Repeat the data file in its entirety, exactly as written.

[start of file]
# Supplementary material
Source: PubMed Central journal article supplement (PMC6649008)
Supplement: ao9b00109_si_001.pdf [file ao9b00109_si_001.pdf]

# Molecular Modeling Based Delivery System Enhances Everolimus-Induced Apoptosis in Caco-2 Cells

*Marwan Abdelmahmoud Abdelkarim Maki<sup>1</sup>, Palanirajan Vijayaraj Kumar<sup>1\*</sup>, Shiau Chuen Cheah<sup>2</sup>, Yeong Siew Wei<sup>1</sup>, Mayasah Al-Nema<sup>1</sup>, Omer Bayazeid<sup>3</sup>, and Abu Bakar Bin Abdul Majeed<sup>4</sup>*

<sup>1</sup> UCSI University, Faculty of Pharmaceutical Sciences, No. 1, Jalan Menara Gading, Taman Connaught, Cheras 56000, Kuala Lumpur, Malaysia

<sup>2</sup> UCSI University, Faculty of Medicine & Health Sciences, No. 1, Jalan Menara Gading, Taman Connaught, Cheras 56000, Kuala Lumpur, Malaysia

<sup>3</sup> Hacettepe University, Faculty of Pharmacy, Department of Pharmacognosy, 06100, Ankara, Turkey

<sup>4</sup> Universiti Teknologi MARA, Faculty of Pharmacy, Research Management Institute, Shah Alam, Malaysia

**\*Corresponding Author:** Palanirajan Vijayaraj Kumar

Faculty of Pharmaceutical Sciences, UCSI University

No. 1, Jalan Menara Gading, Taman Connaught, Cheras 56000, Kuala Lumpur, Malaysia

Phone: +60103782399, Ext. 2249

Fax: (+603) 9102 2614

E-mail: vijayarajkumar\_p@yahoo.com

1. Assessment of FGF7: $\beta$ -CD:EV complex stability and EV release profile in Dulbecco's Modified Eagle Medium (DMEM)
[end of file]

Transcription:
# Supplementary material
Source: PubMed Central journal article supplement (PMC6649008)
Supplement: ao9b00109_si_001.pdf [file ao9b00109_si_001.pdf]

# Molecular Modeling Based Delivery System Enhances Everolimus-Induced Apoptosis in Caco-2 Cells

*Marwan Abdelmahmoud Abdelkarim Maki<sup>1</sup>, Palanirajan Vijayaraj Kumar<sup>1\*</sup>, Shiau Chuen Cheah<sup>2</sup>, Yeong Siew Wei<sup>1</sup>, Mayasah Al-Nema<sup>1</sup>, Omer Bayazeid<sup>3</sup>, and Abu Bakar Bin Abdul Majeed<sup>4</sup>*

<sup>1</sup> UCSI University, Faculty of Pharmaceutical Sciences, No. 1, Jalan Menara Gading, Taman Connaught, Cheras 56000, Kuala Lumpur, Malaysia

<sup>2</sup> UCSI University, Faculty of Medicine & Health Sciences, No. 1, Jalan Menara Gading, Taman Connaught, Cheras 56000, Kuala Lumpur, Malaysia

<sup>3</sup> Hacettepe University, Faculty of Pharmacy, Department of Pharmacognosy, 06100, Ankara, Turkey

<sup>4</sup> Universiti Teknologi MARA, Faculty of Pharmacy, Research Management Institute, Shah Alam, Malaysia

**\*Corresponding Author:** Palanirajan Vijayaraj Kumar

Faculty of Pharmaceutical Sciences, UCSI University

No. 1, Jalan Menara Gading, Taman Connaught, Cheras 56000, Kuala Lumpur, Malaysia

Phone: +60103782399, Ext. 2249

Fax: (+603) 9102 2614

E-mail: vijayarajkumar\_p@yahoo.com

1. Assessment of FGF7: $\beta$ -CD:EV complex stability and EV release profile in Dulbecco's Modified Eagle Medium (DMEM)